Joe Paterno’s death Sunday morning from complications of cancer at the age of 85 is no more or less tragic than any other death. All dying is sorrow. People should remember Paterno any way they choose, with prayers or love or tears—or yes, continued anger.But the former Penn State football coach should not be turned into a martyr. He should not be made into a victim because of the circumstances of his dismissal by the university board of trustees on Nov.
While Sandusky shocked the world by forgoing a preliminary hearing, his lawyer insists they’re in 'a fight to the death.' But experts say no defense team or strategy will be able to save the ex-coach.
The abridged version of the Jerry Sandusky saga goes something like this:Ten alleged victims, many of whom have claimed repeated instances of sexual molestation.A disastrous interview with Bob Costas, in which Sandusky, 67, hesitated when asked whether he is sexually attracted to young boys.A preliminary hearing in which observers expected the former Penn State assistant football coach, charged with 52 counts of sexual abuse, to be torn to shreds by the testimony of his accusers.
In a note to the disgraced Penn State coach, Gretl Claggett, who was molested by a family friend as a girl, tells Sandusky: man up. It’s not too late to do the right thing.
Jerry:I’m not a football fan. Until a few weeks ago, I had no idea who you were. But after watching your interview with Bob Costas and reading the grand- jury presentment, I’m certain I know you.Your denial of any real wrongdoing on national TV has spurred other alleged victims to step forward. Attorneys say that it “re-traumatized” these young men. I’ve no doubt this is true, because it dredged up feelings about my perpetrator—a man who, when my mother confronted him, said, “I can explain.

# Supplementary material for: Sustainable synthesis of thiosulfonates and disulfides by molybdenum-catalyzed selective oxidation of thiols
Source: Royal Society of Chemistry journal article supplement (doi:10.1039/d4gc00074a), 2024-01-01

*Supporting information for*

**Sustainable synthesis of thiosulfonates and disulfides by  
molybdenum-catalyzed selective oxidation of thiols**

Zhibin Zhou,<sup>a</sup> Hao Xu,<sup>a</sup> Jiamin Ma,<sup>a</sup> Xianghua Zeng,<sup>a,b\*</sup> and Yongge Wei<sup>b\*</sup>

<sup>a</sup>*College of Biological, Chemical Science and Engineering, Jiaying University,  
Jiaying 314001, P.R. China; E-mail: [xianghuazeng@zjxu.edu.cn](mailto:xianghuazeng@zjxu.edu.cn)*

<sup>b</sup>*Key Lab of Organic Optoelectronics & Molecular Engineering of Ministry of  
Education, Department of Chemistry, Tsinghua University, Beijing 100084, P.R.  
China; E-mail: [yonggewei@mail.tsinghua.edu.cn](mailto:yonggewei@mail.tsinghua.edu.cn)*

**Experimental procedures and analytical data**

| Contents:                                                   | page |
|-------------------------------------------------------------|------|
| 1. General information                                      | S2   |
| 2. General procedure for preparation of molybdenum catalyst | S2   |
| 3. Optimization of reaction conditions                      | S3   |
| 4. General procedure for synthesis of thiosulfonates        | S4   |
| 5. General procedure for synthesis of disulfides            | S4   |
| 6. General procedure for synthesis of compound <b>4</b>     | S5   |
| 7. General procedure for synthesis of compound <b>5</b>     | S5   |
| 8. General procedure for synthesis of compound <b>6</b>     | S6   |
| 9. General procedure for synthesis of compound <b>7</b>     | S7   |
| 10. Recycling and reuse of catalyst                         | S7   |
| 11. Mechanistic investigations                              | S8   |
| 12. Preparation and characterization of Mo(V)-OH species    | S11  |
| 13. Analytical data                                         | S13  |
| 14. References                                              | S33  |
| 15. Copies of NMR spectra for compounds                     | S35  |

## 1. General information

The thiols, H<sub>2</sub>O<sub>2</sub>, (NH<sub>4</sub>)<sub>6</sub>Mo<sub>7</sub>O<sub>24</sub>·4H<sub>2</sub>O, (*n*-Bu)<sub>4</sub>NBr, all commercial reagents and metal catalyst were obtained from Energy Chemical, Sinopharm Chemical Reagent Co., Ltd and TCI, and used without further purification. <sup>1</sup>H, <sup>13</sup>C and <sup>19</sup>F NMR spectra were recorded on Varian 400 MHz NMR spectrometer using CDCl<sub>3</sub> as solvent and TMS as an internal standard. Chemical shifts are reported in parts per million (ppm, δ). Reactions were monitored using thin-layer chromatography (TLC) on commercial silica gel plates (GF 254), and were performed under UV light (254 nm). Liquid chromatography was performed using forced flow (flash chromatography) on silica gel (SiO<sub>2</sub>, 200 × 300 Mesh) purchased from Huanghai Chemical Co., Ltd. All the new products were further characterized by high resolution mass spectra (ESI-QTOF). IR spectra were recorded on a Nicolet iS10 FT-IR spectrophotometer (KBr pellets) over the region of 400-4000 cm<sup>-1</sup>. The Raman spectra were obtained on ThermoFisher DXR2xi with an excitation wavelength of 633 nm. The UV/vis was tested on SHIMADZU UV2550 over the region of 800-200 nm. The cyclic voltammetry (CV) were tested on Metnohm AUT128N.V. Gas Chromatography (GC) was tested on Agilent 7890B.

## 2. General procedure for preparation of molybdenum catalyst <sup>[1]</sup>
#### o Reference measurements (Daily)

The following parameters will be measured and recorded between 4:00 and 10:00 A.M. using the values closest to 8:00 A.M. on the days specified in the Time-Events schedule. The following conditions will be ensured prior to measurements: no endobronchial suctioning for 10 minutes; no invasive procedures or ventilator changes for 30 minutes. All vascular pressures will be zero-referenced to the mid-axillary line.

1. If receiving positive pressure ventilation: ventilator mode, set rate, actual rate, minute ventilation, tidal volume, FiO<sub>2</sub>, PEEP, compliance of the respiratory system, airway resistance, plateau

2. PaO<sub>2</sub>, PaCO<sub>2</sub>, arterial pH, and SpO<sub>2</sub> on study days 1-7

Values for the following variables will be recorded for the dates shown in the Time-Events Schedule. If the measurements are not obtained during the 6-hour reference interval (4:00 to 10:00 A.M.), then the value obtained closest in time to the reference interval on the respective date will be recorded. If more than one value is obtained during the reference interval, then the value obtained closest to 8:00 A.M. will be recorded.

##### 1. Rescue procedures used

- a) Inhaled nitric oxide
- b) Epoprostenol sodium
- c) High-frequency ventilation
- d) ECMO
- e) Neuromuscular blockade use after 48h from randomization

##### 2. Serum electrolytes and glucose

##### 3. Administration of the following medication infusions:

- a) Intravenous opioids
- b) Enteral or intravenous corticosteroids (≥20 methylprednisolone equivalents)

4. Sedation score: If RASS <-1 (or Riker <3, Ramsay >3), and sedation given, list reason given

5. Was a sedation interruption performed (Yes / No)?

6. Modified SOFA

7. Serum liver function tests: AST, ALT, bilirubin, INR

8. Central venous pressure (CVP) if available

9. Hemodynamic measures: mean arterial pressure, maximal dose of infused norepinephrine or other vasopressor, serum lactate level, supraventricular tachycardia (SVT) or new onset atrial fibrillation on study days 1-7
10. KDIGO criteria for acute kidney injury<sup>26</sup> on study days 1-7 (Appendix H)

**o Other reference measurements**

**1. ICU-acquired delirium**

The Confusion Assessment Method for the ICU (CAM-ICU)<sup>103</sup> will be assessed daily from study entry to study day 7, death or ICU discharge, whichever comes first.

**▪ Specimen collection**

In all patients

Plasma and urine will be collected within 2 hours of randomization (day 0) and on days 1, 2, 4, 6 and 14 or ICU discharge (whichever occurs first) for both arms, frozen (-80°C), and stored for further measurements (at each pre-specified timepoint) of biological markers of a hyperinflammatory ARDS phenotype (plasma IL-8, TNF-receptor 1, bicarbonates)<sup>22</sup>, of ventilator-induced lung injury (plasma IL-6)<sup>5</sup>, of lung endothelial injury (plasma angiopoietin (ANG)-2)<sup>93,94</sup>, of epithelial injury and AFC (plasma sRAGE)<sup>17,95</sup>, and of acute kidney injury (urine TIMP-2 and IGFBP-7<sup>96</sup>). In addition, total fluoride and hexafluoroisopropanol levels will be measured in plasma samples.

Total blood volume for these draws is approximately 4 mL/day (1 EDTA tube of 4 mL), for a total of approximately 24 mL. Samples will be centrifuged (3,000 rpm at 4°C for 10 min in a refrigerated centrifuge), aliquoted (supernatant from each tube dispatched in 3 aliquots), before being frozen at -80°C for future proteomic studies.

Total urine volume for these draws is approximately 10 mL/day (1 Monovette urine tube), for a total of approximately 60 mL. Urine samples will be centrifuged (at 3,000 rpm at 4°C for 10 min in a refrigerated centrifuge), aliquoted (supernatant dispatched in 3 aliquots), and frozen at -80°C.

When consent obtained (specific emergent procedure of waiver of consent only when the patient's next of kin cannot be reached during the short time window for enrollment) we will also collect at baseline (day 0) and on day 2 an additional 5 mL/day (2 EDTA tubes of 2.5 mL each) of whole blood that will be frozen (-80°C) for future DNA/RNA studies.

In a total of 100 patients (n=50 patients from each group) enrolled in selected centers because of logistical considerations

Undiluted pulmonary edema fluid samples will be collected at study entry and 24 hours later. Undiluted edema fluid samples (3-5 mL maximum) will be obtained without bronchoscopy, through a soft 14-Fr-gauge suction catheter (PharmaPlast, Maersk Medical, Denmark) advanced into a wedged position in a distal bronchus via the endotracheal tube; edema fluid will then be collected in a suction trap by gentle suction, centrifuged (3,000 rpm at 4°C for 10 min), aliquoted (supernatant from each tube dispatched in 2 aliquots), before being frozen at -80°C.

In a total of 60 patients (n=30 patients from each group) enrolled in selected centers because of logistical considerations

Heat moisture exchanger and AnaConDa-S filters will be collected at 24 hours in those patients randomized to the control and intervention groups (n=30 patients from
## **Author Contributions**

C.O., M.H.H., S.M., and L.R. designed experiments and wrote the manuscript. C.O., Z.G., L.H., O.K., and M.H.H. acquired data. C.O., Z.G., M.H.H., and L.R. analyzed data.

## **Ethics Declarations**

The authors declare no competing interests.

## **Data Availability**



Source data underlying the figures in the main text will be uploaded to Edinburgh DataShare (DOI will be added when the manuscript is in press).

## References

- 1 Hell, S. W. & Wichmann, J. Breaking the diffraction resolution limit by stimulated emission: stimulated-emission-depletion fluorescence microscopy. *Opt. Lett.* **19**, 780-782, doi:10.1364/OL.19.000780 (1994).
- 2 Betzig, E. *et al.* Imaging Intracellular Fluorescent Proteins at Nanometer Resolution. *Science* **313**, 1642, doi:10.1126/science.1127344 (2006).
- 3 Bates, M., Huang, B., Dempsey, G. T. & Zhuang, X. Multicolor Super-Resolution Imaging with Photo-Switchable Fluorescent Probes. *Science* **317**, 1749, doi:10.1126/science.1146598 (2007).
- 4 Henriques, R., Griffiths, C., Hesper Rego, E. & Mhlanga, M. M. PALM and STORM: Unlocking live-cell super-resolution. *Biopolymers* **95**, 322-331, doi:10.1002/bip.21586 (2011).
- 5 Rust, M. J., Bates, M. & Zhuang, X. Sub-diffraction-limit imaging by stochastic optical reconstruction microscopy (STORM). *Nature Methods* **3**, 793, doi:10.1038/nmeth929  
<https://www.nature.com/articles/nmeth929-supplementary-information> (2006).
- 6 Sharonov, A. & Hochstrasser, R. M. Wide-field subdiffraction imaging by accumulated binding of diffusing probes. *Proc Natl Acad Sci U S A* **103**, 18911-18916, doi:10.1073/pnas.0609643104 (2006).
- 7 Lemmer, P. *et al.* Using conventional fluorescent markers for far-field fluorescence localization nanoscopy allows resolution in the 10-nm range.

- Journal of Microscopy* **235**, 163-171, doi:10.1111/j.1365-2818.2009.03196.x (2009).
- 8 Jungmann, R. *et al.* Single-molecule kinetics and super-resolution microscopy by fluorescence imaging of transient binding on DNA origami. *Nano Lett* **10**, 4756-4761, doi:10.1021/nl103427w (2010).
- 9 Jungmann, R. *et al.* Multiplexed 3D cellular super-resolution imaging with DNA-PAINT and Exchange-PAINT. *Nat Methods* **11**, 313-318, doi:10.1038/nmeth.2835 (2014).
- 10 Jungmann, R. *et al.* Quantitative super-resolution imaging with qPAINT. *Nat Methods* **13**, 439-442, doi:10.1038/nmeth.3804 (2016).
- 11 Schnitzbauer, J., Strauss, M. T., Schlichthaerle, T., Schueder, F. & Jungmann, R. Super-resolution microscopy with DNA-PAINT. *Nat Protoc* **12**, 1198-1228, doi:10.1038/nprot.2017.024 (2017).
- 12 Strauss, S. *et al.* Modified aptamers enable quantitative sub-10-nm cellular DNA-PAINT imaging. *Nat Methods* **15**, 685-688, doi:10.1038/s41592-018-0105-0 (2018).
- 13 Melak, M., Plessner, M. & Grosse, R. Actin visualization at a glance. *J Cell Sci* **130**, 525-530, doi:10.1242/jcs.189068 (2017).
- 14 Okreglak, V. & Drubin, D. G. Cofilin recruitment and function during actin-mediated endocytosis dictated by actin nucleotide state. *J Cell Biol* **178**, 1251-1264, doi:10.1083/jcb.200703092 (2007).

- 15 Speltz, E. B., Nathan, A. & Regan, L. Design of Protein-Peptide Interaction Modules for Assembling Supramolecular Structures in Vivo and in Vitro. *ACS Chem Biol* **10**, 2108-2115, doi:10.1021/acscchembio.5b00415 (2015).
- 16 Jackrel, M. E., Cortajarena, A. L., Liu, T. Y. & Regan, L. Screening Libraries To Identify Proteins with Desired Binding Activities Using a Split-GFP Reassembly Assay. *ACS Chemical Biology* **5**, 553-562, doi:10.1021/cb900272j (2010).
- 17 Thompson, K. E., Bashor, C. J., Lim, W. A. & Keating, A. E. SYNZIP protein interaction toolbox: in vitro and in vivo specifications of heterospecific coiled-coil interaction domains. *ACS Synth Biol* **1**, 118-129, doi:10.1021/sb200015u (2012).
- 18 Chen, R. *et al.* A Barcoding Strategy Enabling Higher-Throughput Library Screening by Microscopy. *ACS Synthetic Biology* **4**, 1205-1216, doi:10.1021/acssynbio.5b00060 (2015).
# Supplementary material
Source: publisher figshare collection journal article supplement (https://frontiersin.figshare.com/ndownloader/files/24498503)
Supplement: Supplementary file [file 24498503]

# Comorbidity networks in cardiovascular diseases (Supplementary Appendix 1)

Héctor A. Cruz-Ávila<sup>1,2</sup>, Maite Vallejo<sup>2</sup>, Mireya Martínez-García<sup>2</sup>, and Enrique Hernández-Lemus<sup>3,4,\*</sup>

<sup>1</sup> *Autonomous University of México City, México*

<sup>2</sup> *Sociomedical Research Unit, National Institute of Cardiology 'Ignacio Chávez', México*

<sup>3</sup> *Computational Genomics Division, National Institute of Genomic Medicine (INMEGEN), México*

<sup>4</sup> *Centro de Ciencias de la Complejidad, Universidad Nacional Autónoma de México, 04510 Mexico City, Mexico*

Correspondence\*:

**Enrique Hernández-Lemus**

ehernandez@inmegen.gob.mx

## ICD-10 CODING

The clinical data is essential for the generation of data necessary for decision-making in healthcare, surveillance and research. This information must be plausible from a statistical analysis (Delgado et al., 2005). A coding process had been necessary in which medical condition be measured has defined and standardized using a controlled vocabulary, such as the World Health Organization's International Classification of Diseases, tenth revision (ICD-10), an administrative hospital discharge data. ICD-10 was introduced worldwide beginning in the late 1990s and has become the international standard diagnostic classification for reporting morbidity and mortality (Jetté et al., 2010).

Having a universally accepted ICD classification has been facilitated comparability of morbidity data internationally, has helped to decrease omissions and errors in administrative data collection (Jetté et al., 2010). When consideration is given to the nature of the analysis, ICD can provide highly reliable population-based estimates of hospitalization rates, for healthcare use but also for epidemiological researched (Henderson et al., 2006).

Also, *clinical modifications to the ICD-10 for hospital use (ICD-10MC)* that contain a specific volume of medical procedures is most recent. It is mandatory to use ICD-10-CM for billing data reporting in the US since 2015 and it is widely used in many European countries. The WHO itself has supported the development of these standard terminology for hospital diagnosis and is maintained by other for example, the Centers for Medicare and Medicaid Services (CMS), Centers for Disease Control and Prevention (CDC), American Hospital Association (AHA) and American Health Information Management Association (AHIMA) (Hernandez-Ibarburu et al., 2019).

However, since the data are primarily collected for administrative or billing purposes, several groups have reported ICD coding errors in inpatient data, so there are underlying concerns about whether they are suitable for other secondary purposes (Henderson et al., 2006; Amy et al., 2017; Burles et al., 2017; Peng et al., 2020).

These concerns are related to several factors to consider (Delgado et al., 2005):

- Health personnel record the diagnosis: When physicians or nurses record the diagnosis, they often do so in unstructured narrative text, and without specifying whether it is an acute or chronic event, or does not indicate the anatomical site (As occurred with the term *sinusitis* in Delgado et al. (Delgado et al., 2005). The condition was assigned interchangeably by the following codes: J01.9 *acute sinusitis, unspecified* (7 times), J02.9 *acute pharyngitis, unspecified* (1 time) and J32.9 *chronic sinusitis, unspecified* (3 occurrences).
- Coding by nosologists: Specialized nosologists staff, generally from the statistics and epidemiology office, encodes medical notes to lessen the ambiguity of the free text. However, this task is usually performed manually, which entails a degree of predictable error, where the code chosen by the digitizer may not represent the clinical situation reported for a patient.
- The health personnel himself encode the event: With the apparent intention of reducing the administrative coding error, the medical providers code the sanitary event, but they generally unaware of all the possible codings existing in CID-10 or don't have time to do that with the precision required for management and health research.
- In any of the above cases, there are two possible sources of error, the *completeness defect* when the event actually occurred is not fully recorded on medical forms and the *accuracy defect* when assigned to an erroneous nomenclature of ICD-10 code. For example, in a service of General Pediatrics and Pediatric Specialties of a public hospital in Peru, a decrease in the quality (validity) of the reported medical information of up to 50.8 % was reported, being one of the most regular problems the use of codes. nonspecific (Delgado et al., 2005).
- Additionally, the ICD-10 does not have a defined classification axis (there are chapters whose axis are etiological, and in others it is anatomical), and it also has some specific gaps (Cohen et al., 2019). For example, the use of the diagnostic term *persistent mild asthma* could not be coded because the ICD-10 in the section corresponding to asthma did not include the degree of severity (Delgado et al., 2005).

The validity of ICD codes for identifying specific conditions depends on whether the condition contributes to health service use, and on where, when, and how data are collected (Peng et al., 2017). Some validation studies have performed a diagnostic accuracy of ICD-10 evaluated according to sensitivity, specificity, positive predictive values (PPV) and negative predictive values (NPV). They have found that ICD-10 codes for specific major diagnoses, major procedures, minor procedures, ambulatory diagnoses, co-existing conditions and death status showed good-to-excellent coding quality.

Hollywood’s Tyler Perry writes to a young boy involved in the Penn State scandal to tell him he isn’t a victim at all—he’s a survivor.
I don’t know your name, but I know your face. I don’t know your journey, but I know where you are. I am your brother!I must tell you, what you have done is so courageous. The strength that it must have taken for your 11-year-old voice to speak out about such a horrible act is something that I didn’t have the strength or courage to do at that age.I was a very poor young black boy in New Orleans, just a face without a name, swimming in a sea of poverty trying to survive.
Seven years ago, Darlene Ellison’s charismatic ex-husband was arrested for sex-related crimes he hid for over a decade. Now, she reveals how Jerry Sandusky’s wife may have been kept in the dark as well.
When news of former Penn State assistant coach Jerry Sandusky’s alleged sex crimes broke, I froze in my steps. My stomach knotted. A fog seemed to fill my head, and all I could think was “It’s happening again.” Then “I wonder if he has a wife and kids." I wasn’t reacting as a college-football fan; I was reacting as the ex-wife of a pedophile.Just shy of seven years ago, my life and the lives of my two children were turned upside down. The man I had been married to for more than a decade had been arrested as a part of an FBI sting to bring down NAMBLA, the North American Man-Boy Love Association, an advocacy group for pedophiles that supports an “end to the extreme oppression of men and boys in mutually consensual relationships.
The university’s football program brings millions of dollars into Pennsylvania, with one home game alone pumping some $59 million into the local economy. Small wonder the school has felt entitled for so long.
It was a football program dubbed the “Greatest Show on Earth”—a display of scholastic pride that could move even the most cynical observer. The thumping music, the white T-shirts blanketing the stands, the jumping cheer that shook the stadium’s concrete foundation—when the Nittany Lions would play those home games, seven or eight times a year, it was a show so awesome it required a show-runner to orchestrate it.But the power of Penn State football extended far beyond its beloved Beaver Stadium (which happens to be the second-largest stadium in the country)—a point made painfully clear in the wake of the Jerry Sandusky sex abuse scandal.